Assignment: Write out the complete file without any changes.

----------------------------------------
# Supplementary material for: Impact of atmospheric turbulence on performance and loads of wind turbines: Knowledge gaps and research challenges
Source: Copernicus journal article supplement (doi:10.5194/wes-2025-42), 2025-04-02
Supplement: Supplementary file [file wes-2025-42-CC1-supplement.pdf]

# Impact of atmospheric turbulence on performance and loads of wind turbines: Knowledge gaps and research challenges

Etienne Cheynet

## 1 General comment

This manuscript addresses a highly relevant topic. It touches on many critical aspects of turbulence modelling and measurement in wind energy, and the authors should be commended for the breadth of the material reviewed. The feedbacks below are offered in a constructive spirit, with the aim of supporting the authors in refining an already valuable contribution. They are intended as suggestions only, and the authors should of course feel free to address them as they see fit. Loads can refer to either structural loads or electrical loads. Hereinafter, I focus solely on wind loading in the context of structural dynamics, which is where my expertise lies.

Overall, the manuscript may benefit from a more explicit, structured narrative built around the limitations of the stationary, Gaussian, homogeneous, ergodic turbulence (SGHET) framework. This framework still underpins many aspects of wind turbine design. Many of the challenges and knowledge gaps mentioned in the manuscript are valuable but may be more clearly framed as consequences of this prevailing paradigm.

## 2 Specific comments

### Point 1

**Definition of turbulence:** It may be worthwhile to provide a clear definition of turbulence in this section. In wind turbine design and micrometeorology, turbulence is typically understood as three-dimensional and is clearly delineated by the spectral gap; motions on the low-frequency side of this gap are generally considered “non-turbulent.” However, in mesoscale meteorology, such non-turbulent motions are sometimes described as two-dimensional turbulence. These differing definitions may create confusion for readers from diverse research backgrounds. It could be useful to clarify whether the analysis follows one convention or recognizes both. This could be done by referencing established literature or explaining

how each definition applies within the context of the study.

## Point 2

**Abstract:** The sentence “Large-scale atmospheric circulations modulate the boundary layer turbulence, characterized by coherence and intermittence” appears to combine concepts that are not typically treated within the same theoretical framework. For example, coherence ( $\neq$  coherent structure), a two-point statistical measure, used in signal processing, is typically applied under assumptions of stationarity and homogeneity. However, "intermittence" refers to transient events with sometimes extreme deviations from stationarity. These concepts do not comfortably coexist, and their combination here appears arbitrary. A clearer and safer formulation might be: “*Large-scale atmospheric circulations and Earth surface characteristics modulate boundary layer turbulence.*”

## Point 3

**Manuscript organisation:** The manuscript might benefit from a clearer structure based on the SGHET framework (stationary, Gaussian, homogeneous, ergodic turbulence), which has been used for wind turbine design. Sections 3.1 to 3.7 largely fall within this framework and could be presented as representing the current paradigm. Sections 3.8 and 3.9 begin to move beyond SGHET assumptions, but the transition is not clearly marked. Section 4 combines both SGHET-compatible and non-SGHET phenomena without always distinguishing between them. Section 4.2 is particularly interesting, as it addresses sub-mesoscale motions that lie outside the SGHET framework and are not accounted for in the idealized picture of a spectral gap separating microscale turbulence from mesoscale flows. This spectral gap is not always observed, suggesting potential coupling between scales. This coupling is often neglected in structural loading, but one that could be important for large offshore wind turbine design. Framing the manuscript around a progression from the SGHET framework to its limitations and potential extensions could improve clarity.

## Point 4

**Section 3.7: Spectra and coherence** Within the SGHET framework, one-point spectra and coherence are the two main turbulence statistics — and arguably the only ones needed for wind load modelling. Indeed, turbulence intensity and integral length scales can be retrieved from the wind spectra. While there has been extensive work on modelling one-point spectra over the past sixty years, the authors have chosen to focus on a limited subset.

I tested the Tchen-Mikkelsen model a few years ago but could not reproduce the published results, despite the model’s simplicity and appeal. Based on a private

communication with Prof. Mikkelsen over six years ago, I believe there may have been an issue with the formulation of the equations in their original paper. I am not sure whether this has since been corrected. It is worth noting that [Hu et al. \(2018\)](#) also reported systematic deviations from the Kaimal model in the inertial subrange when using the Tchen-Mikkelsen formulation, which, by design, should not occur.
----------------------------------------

# Supplementary material for: Impact of atmospheric turbulence on performance and loads of wind turbines: Knowledge gaps and research challenges
Source: Copernicus journal article supplement (doi:10.5194/wes-2025-42), 2025-04-02
Supplement: Supplementary file [file wes-2025-42-CC1-supplement.pdf]

# Impact of atmospheric turbulence on performance and loads of wind turbines: Knowledge gaps and research challenges

Etienne Cheynet

## 1 General comment

This manuscript addresses a highly relevant topic. It touches on many critical aspects of turbulence modelling and measurement in wind energy, and the authors should be commended for the breadth of the material reviewed. The feedbacks below are offered in a constructive spirit, with the aim of supporting the authors in refining an already valuable contribution. They are intended as suggestions only, and the authors should of course feel free to address them as they see fit. Loads can refer to either structural loads or electrical loads. Hereinafter, I focus solely on wind loading in the context of structural dynamics, which is where my expertise lies.

Overall, the manuscript may benefit from a more explicit, structured narrative built around the limitations of the stationary, Gaussian, homogeneous, ergodic turbulence (SGHET) framework. This framework still underpins many aspects of wind turbine design. Many of the challenges and knowledge gaps mentioned in the manuscript are valuable but may be more clearly framed as consequences of this prevailing paradigm.

## 2 Specific comments

### Point 1

**Definition of turbulence:** It may be worthwhile to provide a clear definition of turbulence in this section. In wind turbine design and micrometeorology, turbulence is typically understood as three-dimensional and is clearly delineated by the spectral gap; motions on the low-frequency side of this gap are generally considered “non-turbulent.” However, in mesoscale meteorology, such non-turbulent motions are sometimes described as two-dimensional turbulence. These differing definitions may create confusion for readers from diverse research backgrounds. It could be useful to clarify whether the analysis follows one convention or recognizes both. This could be done by referencing established literature or explaining

how each definition applies within the context of the study.

## Point 2

**Abstract:** The sentence “Large-scale atmospheric circulations modulate the boundary layer turbulence, characterized by coherence and intermittence” appears to combine concepts that are not typically treated within the same theoretical framework. For example, coherence ( $\neq$  coherent structure), a two-point statistical measure, used in signal processing, is typically applied under assumptions of stationarity and homogeneity. However, "intermittence" refers to transient events with sometimes extreme deviations from stationarity. These concepts do not comfortably coexist, and their combination here appears arbitrary. A clearer and safer formulation might be: “*Large-scale atmospheric circulations and Earth surface characteristics modulate boundary layer turbulence.*”

## Point 3

**Manuscript organisation:** The manuscript might benefit from a clearer structure based on the SGHET framework (stationary, Gaussian, homogeneous, ergodic turbulence), which has been used for wind turbine design. Sections 3.1 to 3.7 largely fall within this framework and could be presented as representing the current paradigm. Sections 3.8 and 3.9 begin to move beyond SGHET assumptions, but the transition is not clearly marked. Section 4 combines both SGHET-compatible and non-SGHET phenomena without always distinguishing between them. Section 4.2 is particularly interesting, as it addresses sub-mesoscale motions that lie outside the SGHET framework and are not accounted for in the idealized picture of a spectral gap separating microscale turbulence from mesoscale flows. This spectral gap is not always observed, suggesting potential coupling between scales. This coupling is often neglected in structural loading, but one that could be important for large offshore wind turbine design. Framing the manuscript around a progression from the SGHET framework to its limitations and potential extensions could improve clarity.

## Point 4

**Section 3.7: Spectra and coherence** Within the SGHET framework, one-point spectra and coherence are the two main turbulence statistics — and arguably the only ones needed for wind load modelling. Indeed, turbulence intensity and integral length scales can be retrieved from the wind spectra. While there has been extensive work on modelling one-point spectra over the past sixty years, the authors have chosen to focus on a limited subset.

I tested the Tchen-Mikkelsen model a few years ago but could not reproduce the published results, despite the model’s simplicity and appeal. Based on a private

communication with Prof. Mikkelsen over six years ago, I believe there may have been an issue with the formulation of the equations in their original paper. I am not sure whether this has since been corrected. It is worth noting that [Hu et al. \(2018\)](#) also reported systematic deviations from the Kaimal model in the inertial subrange when using the Tchen-Mikkelsen formulation, which, by design, should not occur.